Military justice system doesn't breach charter rights, Supreme Court rules

Canada's military justice system doesn't contravene the Charter of Rights and Freedoms and can remain as is, the country's top court has ruled.

In a 5-2 decision, Canada's top court found members of the military don't have the right to a trial by jury

The Supreme Court of Canada released a decision Friday saying military members charged with serious civilian crimes do not automatically have the right to a jury trial. (Jeff McIntosh/The Canadian Press)

Canada's military justice system doesn't contravene the Charter of Rights and Freedoms and can remain as is, the country's top court has ruled.

In a 5-2 decision released Friday, the Supreme Court found members of the military do not have the right to a trial by jury for serious crimes — such as sexual assault — if they are tried under the military justice system.

The top court weighed in after conflicting rulings in lower courts over what the charter says about the right to a jury trial — with one appeal stating a master corporal accused of sexual assault should have been tried before a jury, as he had requested.

There are no juries in the military system, only courts martial with a judge and a military panel made up of five members of the Armed Forces.

The decision revolves around a section of the charter that says anyone charged with a serious crime garnering five years of prison or more has the right to a trial by jury, except if that person is charged with an offence under military law before a military tribunal.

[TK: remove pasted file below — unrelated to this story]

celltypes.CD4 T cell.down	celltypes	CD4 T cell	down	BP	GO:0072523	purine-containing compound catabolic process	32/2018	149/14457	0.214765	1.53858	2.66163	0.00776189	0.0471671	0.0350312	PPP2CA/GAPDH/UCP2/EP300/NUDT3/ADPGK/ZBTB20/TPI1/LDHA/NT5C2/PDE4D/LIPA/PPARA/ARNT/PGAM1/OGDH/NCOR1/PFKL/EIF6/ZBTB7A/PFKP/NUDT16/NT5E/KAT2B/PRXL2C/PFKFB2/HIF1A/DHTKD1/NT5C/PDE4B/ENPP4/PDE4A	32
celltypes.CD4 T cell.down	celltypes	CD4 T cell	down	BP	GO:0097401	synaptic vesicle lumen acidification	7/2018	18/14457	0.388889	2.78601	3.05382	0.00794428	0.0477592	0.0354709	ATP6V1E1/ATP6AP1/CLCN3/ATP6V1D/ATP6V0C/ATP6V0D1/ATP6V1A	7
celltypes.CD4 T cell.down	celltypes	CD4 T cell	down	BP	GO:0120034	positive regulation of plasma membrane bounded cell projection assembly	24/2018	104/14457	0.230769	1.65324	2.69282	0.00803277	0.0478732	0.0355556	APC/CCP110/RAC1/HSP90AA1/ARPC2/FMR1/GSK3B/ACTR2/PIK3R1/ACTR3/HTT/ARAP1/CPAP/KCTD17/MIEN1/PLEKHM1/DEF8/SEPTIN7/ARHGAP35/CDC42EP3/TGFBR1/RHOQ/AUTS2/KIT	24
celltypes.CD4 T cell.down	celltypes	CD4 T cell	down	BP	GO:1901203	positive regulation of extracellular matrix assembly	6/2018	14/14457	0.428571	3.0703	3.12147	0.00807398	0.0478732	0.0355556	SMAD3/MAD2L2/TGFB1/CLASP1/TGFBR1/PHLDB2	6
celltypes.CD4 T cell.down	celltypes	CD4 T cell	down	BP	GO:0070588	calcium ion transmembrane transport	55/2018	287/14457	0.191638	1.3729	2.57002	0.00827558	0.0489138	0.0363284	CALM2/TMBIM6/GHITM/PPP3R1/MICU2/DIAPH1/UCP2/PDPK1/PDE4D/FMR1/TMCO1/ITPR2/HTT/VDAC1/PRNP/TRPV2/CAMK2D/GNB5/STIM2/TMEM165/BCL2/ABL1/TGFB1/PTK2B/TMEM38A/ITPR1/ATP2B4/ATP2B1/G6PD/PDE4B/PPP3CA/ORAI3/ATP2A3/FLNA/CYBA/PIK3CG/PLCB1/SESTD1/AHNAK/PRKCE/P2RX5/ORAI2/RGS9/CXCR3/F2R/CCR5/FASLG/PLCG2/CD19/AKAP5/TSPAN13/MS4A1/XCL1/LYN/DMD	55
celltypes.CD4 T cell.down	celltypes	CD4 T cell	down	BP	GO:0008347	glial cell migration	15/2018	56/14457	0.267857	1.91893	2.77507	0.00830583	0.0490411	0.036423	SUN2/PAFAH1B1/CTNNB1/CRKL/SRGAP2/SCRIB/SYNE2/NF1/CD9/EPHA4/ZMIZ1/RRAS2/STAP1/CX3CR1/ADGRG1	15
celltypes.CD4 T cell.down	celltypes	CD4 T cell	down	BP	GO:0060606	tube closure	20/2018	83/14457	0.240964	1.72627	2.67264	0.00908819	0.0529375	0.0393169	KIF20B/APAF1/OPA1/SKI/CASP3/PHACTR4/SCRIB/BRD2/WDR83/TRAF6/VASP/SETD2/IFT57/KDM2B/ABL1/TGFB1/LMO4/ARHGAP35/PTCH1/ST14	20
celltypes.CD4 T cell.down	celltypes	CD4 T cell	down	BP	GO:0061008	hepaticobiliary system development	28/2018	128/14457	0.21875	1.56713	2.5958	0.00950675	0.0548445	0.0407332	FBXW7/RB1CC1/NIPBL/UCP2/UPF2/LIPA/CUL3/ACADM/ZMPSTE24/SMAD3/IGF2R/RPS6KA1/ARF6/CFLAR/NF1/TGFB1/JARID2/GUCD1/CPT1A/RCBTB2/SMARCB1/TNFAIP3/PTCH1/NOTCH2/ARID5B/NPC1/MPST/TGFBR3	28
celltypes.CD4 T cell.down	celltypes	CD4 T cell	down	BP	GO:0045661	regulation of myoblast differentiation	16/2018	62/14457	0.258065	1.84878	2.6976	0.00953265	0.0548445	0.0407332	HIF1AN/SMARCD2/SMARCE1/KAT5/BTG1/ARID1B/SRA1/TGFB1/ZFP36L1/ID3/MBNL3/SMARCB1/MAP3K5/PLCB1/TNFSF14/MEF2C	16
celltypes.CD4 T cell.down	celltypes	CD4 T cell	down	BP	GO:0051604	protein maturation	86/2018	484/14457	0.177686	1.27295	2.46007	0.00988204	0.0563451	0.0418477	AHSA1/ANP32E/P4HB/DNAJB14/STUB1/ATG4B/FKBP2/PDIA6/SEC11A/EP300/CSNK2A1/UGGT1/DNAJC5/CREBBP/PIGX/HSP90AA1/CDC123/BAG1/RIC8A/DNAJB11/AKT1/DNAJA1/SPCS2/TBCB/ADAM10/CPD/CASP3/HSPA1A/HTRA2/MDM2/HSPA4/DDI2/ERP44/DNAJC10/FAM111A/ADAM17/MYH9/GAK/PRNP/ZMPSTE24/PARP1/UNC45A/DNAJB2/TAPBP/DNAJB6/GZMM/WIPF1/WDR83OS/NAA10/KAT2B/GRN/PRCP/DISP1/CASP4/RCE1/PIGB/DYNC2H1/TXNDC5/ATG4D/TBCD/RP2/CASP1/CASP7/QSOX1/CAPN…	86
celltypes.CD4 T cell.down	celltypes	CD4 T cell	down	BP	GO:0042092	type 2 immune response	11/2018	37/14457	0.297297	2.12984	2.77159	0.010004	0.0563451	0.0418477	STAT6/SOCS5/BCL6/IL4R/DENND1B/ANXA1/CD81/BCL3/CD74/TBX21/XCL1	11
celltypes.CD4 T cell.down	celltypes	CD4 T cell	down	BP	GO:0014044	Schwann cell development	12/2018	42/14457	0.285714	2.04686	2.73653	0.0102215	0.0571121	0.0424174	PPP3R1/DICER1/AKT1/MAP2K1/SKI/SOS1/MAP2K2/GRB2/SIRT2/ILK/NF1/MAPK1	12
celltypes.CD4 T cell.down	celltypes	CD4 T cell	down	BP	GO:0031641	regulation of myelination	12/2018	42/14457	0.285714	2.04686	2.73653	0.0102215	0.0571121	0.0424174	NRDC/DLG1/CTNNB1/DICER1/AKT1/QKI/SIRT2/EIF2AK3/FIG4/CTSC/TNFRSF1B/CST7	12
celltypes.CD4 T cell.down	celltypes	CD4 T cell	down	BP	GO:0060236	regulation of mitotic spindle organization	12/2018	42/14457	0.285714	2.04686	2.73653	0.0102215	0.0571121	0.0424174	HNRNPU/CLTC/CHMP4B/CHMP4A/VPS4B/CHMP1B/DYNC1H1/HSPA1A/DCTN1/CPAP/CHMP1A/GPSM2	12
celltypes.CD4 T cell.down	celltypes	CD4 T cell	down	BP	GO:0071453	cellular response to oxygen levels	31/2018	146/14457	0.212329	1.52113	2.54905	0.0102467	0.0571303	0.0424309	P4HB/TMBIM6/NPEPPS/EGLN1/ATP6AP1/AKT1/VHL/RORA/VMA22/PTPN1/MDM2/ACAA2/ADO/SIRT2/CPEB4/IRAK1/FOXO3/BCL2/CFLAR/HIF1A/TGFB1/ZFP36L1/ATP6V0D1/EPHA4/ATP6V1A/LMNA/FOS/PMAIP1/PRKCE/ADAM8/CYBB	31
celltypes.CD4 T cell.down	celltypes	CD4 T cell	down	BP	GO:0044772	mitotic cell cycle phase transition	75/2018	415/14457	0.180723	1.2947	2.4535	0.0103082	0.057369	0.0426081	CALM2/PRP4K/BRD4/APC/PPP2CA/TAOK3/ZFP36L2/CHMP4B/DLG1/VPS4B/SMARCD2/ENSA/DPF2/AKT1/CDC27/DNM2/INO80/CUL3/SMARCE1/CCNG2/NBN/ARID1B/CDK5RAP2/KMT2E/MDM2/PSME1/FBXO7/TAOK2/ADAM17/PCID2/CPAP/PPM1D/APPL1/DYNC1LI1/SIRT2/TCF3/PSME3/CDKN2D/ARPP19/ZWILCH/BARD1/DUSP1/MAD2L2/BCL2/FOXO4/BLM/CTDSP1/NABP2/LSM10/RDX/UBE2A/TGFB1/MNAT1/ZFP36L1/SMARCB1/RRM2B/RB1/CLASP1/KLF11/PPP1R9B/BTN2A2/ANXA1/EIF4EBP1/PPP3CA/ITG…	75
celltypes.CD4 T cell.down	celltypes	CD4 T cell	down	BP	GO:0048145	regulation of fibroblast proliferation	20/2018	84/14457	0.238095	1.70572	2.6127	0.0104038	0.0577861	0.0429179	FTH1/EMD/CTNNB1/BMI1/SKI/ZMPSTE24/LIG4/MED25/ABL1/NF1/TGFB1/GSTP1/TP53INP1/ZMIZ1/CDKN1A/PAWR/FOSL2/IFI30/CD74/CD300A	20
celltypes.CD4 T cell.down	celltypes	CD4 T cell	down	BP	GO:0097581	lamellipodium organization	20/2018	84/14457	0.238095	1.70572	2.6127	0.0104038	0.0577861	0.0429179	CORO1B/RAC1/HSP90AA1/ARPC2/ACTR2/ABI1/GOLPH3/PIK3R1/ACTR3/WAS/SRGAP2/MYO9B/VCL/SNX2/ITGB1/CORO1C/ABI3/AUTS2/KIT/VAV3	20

The majority on the Supreme Court found that the transformation of civilian offences into military ones was done through a validly enacted and constitutional section of military law. 

While the majority opinion, written by Justices Michael Moldaver and Russell Brown, said simply being a soldier is enough to pursue a case under the military system, the two dissenting justices ruled the military connection to the crime should be stronger, for example, if the accused was on duty or the crime was committed on a military base.

The court's decision restores clarity to a military justice system that had been thrown into chaos while the Supreme Court ruling was pending, with dozens of cases postponed, abandoned or transferred to the civilian justice system.

After the decision was released, Col. Bruce MacGregor, the director of military prosecutions, said the ruling "further legitimizes the military justice system".

"It should make victims feel confident that this is a legitimate system that has evolved significantly and is on an equal level to the criminal justice system," he told reporters in Ottawa. 

Defence Minister Harjit Sajjan also welcomed the Supreme Court ruling.

"Today's decision shows that the court recognizes the important role the military justice system plays in maintaining the discipline, efficiency and morale of the women and men in uniform," Sajjan said in a written statement Friday, adding there is still work to be done to make sure the military system is "better aligned with the civilian criminal justice system."

The ruling doesn't mean every serious crime committed by a soldier would be tried at a military tribunal. It remains at the discretion of military prosecutors whether to push cases to the civilian justice system, depending on a list of criteria such as public interest in the case and the views of the victim.


Salimah Shivji


Salimah Shivji is CBC's India correspondent, based in Mumbai. She has been a senior reporter with CBC's Parliamentary Bureau and has covered everything from climate change to corruption across Canada.

With files from The Canadian Press